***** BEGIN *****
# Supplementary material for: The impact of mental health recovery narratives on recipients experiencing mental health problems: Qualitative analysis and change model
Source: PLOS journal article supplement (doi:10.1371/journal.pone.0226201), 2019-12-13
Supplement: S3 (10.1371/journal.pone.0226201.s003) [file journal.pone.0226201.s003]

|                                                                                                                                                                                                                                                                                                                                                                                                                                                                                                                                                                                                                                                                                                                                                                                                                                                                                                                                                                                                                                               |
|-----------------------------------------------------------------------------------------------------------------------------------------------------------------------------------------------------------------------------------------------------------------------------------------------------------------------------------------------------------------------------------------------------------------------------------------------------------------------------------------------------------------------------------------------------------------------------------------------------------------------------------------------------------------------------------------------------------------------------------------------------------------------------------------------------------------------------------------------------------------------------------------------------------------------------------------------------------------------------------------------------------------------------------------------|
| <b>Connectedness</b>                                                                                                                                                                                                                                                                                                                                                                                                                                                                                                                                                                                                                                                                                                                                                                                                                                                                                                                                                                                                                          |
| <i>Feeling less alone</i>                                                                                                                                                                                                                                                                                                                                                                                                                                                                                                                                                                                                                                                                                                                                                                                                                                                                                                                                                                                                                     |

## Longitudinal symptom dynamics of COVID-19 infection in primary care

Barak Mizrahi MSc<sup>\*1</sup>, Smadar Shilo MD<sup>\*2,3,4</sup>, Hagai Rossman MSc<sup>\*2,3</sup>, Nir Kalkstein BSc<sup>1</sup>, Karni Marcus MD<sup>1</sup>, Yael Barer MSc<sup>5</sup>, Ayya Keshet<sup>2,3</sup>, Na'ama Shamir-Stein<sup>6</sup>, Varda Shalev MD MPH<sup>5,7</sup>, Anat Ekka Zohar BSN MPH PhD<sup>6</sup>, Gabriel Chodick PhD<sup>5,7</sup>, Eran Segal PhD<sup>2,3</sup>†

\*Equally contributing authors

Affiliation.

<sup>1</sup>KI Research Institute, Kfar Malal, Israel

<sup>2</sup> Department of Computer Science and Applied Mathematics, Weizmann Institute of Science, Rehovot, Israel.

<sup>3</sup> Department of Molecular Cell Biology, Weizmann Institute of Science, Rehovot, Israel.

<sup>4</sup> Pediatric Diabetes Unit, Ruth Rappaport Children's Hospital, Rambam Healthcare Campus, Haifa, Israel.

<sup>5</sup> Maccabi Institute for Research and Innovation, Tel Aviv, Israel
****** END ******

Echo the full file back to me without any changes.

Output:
# Supplementary material for: The impact of mental health recovery narratives on recipients experiencing mental health problems: Qualitative analysis and change model
Source: PLOS journal article supplement (doi:10.1371/journal.pone.0226201), 2019-12-13
Supplement: S3 (10.1371/journal.pone.0226201.s003) [file journal.pone.0226201.s003]

|                                                                                                                                                                                                                                                                                                                                                                                                                                                                                                                                                                                                                                                                                                                                                                                                                                                                                                                                                                                                                                               |
|-----------------------------------------------------------------------------------------------------------------------------------------------------------------------------------------------------------------------------------------------------------------------------------------------------------------------------------------------------------------------------------------------------------------------------------------------------------------------------------------------------------------------------------------------------------------------------------------------------------------------------------------------------------------------------------------------------------------------------------------------------------------------------------------------------------------------------------------------------------------------------------------------------------------------------------------------------------------------------------------------------------------------------------------------|
| <b>Connectedness</b>                                                                                                                                                                                                                                                                                                                                                                                                                                                                                                                                                                                                                                                                                                                                                                                                                                                                                                                                                                                                                          |
| <i>Feeling less alone</i>                                                                                                                                                                                                                                                                                                                                                                                                                                                                                                                                                                                                                                                                                                                                                                                                                                                                                                                                                                                                                     |

## Longitudinal symptom dynamics of COVID-19 infection in primary care

Barak Mizrahi MSc<sup>\*1</sup>, Smadar Shilo MD<sup>\*2,3,4</sup>, Hagai Rossman MSc<sup>\*2,3</sup>, Nir Kalkstein BSc<sup>1</sup>, Karni Marcus MD<sup>1</sup>, Yael Barer MSc<sup>5</sup>, Ayya Keshet<sup>2,3</sup>, Na'ama Shamir-Stein<sup>6</sup>, Varda Shalev MD MPH<sup>5,7</sup>, Anat Ekka Zohar BSN MPH PhD<sup>6</sup>, Gabriel Chodick PhD<sup>5,7</sup>, Eran Segal PhD<sup>2,3</sup>†

\*Equally contributing authors

Affiliation.

<sup>1</sup>KI Research Institute, Kfar Malal, Israel

<sup>2</sup> Department of Computer Science and Applied Mathematics, Weizmann Institute of Science, Rehovot, Israel.

<sup>3</sup> Department of Molecular Cell Biology, Weizmann Institute of Science, Rehovot, Israel.

<sup>4</sup> Pediatric Diabetes Unit, Ruth Rappaport Children's Hospital, Rambam Healthcare Campus, Haifa, Israel.

<sup>5</sup> Maccabi Institute for Research and Innovation, Tel Aviv, Israel